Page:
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Ketchikan Travel Guide


Ketchikan Introduction


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Ketchikan, Alaska, is the site of an ancient Tlingit fish camp and was a supply town during the gold rush. Ketchikan is about 3 mi/5 km long but only a couple of blocks deep. Located on the southwest shore of Revillagigedo Island, it's the first port of call into Alaska, hence its nickname, The First City.   Click here to see the full Ketchikan travel guide on Travel42 »

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Ketchikan Geography


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Ketchikan is only accessible by air or water. It is located on Revillagigedo Island, in the heart of the 17-million-acre/6.9-million-hectare Tongass National Forest. The city sits at the base of Deer Mountain and its downtown in on the Tongass Narrows waterway. Behm Canal encircles most of the island.  Click here to see the full Ketchikan travel guide on Travel42 »

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Ketchikan History


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For generations, the proud and resourceful Tlingit and Haida tribes spent the summer months near where Ketchikan now stands. They caught salmon in the rivers and creeks, and hunted bear and deer. There is almost no evidence of the Tlingit and Haida being whalers.   Click here to see the full Ketchikan travel guide on Travel42 »

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Ketchikan Sightseeing & Things to Do


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Stop by the visitors center on the dock to pick up the Historic Ketchikan walking-tour map and guide to area attractions. The 2-mi/3-km tour is an excellent way to see many of Ketchikan's sights. Even if you stray from the map, don't worry: The town isn't big enough to get lost in. The city has also put up signage to make it even easier for visitors to find sites of interest and then return to the docks.  Click here to see the full Ketchikan travel guide on Travel42 »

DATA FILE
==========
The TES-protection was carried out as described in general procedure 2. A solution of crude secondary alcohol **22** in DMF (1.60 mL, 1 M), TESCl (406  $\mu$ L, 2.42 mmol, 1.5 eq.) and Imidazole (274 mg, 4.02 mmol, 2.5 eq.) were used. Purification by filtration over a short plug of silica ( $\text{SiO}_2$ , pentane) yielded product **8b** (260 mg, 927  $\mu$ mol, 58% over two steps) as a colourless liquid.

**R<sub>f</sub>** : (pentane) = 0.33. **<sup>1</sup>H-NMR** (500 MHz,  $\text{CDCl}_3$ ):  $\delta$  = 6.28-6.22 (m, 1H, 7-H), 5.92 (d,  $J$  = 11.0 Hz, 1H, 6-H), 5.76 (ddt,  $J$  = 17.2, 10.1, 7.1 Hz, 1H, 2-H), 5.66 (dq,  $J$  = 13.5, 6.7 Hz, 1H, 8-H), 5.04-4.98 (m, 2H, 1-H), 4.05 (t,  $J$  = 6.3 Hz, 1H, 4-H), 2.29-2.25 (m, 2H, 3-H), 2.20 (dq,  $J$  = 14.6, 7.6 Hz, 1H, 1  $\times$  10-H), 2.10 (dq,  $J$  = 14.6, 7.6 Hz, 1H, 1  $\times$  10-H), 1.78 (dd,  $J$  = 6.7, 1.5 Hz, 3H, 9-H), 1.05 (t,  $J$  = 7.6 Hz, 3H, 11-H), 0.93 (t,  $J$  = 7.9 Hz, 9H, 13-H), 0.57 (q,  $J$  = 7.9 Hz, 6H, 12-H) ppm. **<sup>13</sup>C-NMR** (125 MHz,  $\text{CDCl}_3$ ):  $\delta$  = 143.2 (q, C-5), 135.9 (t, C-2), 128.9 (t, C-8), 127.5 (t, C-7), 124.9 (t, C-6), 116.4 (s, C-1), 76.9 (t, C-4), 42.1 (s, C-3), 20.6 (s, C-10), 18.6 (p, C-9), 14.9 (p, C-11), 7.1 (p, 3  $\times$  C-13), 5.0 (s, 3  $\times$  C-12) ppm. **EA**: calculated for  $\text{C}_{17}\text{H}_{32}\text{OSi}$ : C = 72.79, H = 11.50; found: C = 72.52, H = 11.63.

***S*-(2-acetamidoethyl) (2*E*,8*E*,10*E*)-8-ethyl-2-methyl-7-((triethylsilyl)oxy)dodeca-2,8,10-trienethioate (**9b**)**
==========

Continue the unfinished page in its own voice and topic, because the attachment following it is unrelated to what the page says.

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Ketchikan Nightlife


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Ketchikan once had more than a dozen bars in its downtown area alone. Most were kept going by the large numbers of fishermen and loggers in town during the summer. But with those industries in decline and tourism growing, economics have driven most of the bars out. There are still a few longtime bars left, such as the Arctic Bar in Newtown, but Ketchikan's days as the nightlife capital of Alaska are gone.  Click here to see the full Ketchikan travel guide on Travel42 »

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Ketchikan Restaurants & Dining


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As would be expected, king crab, salmon and halibut are Ketchikan's seafood specialties, and they're always fresh. You can also find home-style chowders, cannery bread, wraps and great cheeseburgers. Most of the popular restaurants are within walking distance of downtown.  Click here to see the full Ketchikan travel guide on Travel42 »

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